"I haven't been employed since 1988. I'm still trying to recover from the trauma. Sometimes I wake up and think: 'Oh my God, I don't have a job'," he says. "My life is a vocation; I can't imagine doing anything else. I have the freedom to explore whatever idea I want, take really random gigs and projects which change my life in some way."
Coupland is talking backstage at Konica Minolta's Spotlight Live event on the future of work in Berlin this week where he was a star speaker. He says the collapse of the idea of a job for life means his generation, Generation X, and later ones think very differently about work than those born earlier. "They don't perceive [a job] as being a guarantee of long-term security – that's the profound difference, he says. "There was a point when the idea of the job for life disintegrated. Now no one has any expectation of lifetime employment."
Douglas Coupland at Konica Minolta's Spotlight Live event in Berlin, Germany. Photograph: Joern Pollex/Getty Images for Konica Minolta
In the same way the industrial revolution led to the creation of the weekend as a break from work, the cloud is altering our work schedule, Coupland says. He points to developments in Silicon Valley, where companies such as Facebook encourage staff to work from home on Wednesdays. Coupland explains that avoiding the San Francisco Bay area commute was part of the reason for this, but getting away from meetings and office politics is the most popular aspect of it with staff. "In the future, every day of the week is going to be a Wednesday. There will be no more weekends, it'll be one smooth flow. I wish I could say that in the future there will be no meetings, but there will always be meetings."
I wish I could say that in the future there will be no meetings, but there will always be meetings
There is much discussion about how employers should deal with millennials, this new breed of worker who grew up with the internet and has never know life without it. But Coupland theorises that constant connectivity via smartphones has altered the way we all think – millennials are not so different to the rest of us.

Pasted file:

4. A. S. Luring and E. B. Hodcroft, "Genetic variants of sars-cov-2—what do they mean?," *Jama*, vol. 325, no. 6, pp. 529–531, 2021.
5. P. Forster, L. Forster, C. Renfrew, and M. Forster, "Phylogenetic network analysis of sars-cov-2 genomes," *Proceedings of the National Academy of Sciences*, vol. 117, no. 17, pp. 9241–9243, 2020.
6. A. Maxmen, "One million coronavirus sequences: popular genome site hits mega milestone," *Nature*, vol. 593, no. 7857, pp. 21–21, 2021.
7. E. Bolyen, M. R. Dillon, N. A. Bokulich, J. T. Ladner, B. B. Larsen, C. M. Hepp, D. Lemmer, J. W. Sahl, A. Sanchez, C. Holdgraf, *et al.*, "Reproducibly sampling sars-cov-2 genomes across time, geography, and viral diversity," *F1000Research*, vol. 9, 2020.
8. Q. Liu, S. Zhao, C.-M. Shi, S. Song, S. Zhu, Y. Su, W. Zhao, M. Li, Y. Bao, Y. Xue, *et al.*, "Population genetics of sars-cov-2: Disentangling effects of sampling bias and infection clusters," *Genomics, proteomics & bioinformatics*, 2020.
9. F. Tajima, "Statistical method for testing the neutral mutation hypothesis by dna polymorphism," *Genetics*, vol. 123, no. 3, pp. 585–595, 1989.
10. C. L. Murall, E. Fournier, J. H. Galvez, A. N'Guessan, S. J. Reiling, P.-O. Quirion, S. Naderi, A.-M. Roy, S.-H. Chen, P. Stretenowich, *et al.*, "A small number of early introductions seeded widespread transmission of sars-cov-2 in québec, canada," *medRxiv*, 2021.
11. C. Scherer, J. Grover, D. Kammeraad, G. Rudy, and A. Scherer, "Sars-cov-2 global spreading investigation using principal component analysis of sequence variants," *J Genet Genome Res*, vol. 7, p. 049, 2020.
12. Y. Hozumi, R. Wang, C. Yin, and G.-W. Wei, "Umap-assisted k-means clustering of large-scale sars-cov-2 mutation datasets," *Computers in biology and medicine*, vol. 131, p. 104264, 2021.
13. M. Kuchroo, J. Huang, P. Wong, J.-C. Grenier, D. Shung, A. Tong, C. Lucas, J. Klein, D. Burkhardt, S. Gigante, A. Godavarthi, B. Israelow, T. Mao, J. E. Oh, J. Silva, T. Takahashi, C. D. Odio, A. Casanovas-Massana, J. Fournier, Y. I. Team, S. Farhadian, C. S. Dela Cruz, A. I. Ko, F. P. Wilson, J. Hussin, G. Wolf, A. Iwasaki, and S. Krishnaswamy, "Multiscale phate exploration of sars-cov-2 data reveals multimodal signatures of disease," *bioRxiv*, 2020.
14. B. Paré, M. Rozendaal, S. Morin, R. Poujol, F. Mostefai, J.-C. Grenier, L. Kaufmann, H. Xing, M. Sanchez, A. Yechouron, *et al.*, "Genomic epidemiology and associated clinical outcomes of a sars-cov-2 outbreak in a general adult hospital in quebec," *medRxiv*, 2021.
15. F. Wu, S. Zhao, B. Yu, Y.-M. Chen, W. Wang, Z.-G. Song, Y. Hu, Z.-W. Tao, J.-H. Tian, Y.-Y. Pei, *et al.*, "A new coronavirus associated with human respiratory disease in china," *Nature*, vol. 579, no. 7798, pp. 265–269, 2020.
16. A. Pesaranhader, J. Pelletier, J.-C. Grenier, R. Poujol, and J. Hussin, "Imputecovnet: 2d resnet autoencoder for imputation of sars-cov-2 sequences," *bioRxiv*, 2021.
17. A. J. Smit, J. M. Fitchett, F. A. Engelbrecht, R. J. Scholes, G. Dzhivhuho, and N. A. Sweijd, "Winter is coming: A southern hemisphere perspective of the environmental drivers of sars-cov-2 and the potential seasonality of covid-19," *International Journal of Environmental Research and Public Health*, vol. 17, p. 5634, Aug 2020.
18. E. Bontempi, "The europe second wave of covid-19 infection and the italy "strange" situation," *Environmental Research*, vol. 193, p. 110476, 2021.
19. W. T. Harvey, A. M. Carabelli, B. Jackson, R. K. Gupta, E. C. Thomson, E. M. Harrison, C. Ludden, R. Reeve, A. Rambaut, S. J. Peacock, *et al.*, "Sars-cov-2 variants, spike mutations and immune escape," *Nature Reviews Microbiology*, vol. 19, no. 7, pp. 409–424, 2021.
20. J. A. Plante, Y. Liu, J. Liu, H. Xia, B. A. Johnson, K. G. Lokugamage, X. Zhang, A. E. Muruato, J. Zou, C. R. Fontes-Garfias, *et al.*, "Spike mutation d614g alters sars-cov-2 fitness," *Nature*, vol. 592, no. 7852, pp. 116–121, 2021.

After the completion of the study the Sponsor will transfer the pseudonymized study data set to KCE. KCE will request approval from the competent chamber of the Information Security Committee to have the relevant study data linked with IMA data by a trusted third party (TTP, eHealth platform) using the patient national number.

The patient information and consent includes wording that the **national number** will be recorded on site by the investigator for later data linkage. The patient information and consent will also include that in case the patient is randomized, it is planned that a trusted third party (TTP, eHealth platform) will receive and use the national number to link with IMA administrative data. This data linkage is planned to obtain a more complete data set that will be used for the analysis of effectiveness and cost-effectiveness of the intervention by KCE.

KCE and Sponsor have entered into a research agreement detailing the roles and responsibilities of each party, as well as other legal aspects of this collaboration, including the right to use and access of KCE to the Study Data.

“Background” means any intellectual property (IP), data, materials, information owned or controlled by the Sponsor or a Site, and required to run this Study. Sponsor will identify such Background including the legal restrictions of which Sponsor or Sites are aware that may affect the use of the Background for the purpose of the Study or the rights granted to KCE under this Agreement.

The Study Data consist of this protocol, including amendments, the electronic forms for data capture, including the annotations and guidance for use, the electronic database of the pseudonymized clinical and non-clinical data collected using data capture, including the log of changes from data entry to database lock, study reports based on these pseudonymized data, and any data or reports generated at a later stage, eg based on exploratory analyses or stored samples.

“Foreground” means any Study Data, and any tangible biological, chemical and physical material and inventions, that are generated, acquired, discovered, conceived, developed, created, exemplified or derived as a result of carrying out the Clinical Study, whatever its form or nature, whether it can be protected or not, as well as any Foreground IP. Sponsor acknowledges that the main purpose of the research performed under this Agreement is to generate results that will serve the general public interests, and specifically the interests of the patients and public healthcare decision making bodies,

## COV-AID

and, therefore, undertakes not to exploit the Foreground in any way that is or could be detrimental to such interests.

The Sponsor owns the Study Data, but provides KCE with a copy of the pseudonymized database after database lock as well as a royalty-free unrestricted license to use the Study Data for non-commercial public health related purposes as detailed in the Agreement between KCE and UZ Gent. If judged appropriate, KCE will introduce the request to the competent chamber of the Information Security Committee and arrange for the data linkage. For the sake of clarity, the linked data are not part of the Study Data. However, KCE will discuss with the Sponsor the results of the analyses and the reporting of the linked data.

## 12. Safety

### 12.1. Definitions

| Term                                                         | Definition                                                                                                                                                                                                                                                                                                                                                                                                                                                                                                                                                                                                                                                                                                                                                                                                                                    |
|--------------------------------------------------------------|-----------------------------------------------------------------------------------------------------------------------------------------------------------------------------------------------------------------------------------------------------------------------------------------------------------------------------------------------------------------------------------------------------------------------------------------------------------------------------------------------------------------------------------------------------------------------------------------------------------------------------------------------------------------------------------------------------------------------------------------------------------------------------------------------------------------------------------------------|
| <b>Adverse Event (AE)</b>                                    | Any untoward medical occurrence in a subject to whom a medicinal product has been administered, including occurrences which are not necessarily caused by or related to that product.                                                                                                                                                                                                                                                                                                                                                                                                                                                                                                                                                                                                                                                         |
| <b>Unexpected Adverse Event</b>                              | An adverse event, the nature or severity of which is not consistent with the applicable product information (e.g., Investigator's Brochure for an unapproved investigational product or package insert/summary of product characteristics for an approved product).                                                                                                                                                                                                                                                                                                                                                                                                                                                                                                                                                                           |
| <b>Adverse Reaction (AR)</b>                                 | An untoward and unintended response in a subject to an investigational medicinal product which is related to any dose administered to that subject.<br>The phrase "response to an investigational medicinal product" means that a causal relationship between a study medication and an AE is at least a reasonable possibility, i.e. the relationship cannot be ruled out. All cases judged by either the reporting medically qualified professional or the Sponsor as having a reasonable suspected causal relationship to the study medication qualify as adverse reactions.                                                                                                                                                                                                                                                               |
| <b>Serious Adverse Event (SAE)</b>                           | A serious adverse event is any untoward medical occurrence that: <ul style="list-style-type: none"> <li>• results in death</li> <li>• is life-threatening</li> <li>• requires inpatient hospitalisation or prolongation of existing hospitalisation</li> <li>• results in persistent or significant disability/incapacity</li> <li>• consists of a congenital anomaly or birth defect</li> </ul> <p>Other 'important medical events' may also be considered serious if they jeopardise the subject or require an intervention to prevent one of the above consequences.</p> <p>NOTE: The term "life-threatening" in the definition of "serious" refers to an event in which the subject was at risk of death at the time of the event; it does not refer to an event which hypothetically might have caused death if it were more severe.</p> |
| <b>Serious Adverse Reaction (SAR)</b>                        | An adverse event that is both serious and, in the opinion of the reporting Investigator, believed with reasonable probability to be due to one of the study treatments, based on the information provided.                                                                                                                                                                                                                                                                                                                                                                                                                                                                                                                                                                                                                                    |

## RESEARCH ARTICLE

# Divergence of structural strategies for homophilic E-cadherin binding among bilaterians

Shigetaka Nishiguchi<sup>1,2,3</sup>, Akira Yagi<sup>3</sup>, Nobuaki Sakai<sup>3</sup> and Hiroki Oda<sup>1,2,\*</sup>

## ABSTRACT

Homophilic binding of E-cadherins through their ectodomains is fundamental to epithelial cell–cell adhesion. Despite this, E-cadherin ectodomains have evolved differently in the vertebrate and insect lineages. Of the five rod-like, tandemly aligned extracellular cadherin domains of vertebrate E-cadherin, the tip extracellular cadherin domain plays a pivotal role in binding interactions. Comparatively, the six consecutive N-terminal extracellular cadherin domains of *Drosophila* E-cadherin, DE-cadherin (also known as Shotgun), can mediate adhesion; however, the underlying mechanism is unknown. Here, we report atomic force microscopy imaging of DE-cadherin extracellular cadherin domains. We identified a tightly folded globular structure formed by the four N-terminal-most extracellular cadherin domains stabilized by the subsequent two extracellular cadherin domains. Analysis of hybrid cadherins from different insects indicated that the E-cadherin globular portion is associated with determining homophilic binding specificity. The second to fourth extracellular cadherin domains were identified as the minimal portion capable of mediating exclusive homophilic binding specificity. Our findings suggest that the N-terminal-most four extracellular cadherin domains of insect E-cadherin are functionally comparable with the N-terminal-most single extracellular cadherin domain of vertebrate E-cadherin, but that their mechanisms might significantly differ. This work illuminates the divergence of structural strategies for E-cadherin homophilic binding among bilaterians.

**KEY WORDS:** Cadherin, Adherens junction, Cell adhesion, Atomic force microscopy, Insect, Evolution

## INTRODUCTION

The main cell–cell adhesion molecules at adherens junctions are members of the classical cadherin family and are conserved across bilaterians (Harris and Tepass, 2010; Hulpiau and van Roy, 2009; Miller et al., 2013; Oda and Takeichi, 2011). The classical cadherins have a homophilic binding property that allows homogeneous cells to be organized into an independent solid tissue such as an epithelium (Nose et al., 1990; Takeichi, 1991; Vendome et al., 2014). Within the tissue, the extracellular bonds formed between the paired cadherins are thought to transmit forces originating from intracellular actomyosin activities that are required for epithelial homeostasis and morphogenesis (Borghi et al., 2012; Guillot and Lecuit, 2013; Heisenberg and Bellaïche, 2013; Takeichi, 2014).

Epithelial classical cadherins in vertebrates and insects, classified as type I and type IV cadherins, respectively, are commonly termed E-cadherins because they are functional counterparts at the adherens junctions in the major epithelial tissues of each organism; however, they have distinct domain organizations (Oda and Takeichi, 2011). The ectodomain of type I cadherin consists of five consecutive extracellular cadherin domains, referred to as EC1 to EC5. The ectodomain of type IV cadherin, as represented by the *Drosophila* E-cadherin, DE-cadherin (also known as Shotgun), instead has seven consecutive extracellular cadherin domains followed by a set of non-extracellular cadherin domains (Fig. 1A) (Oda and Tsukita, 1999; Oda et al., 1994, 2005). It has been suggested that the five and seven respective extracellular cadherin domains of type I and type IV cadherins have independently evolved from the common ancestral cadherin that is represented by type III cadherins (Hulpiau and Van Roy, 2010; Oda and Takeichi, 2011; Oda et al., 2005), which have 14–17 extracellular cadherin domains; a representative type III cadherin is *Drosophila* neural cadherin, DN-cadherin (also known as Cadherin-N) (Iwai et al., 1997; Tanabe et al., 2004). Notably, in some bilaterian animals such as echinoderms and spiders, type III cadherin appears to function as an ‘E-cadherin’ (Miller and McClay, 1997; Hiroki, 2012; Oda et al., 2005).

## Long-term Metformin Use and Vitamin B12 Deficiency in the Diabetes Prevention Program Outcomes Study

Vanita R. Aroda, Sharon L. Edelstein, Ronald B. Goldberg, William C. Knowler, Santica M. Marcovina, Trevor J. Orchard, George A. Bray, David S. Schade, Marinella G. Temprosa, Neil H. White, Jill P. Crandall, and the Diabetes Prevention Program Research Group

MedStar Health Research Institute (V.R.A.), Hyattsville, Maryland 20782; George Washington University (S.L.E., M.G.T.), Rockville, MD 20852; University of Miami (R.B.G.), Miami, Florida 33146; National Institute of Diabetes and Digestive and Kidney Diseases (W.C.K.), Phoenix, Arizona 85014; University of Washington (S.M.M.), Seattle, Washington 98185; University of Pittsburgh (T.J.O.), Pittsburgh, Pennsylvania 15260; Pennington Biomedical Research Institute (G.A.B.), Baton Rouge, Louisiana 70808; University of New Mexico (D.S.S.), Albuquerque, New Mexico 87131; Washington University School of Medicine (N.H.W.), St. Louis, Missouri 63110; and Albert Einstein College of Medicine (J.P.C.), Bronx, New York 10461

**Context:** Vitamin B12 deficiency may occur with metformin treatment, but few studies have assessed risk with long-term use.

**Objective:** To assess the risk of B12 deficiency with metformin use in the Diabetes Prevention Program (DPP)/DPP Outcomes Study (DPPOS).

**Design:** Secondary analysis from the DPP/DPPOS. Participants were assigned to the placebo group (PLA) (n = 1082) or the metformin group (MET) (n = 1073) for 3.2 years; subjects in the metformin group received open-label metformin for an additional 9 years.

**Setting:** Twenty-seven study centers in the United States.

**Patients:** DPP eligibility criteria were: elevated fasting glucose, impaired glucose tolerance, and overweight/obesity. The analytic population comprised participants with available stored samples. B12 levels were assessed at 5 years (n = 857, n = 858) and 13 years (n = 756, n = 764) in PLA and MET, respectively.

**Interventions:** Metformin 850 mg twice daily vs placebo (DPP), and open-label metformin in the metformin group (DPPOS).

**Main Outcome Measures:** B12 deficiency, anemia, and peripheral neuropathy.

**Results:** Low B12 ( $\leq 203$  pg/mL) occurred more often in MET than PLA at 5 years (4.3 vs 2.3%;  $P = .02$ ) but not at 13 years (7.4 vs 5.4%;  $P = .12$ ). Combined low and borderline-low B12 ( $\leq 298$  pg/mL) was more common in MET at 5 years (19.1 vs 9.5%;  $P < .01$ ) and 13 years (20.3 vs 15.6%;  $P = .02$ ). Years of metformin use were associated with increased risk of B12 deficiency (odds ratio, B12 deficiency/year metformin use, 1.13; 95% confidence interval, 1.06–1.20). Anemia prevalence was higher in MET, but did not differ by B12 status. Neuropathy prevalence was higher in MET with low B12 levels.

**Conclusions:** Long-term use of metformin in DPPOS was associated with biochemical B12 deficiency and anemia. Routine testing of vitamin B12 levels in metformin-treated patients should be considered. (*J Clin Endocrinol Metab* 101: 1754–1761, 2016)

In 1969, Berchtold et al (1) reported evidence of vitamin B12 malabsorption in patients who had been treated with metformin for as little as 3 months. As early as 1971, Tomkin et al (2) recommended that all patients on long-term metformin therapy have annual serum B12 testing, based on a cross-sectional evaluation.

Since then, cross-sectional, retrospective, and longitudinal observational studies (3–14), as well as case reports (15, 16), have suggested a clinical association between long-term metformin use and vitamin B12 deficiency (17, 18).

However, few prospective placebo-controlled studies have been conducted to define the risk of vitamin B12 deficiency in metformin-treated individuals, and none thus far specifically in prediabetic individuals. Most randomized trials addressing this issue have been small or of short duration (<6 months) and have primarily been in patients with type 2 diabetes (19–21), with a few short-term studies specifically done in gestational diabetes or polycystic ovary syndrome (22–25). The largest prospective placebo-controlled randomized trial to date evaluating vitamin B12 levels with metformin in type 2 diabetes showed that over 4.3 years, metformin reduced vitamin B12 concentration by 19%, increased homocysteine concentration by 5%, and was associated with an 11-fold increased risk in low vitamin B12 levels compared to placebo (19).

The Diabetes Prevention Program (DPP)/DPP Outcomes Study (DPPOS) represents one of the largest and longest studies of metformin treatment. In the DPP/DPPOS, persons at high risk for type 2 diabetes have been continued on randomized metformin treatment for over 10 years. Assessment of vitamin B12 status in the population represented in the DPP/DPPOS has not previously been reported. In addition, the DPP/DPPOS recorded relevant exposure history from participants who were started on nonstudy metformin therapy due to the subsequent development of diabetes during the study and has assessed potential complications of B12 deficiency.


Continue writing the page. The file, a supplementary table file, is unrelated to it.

"We no longer need to remember long strings of phone numbers or directions from the airport. Why bother to remember anything? Our brains are liberated from these things. I think it's one of the most profound neurological changes in human history," he says. "We've all turned into millennials."
A common theme in Coupland's thinking is the idea of an internet brain – we think differently now to how we did just a few decades ago. Smartphones were the tipping point, he believes, as they altered problem solving, but also mean we are bombarded with so much information. This constant influx of news and data means we've come to perceive time differently. The future used to be a far-off thing, but now we experience it at the same time as the present, he contends.
"We have the present and the future all at the same time," he says. "I think it's one of the most profound neurological changes in human history."
"My suspicion is that long distance wifi in an information rich environment means that people will be quite willing to stay in jobs that don't seem like full-time jobs to us here in 2017. We are coming towards a labour reality where there are more people who have fewer things to do. Maybe that's a good thing," he adds.
The winners in this labour force will be the people who have an actual skill
Coupland says that the people behind the world's technology are unconcerned by the disruption they have created.
"Most people who work in tech – 99% – don't want to look at the implications of what they are doing. They just want to hit their milestones and that's it."
But there's no turning back. The internet is here to stay and will continue to profoundly change societies and the workplace. "If the internet stopped one day, can you imagine the chaos? What would we call that scenario? It's called 1995 – that's how far we've come."
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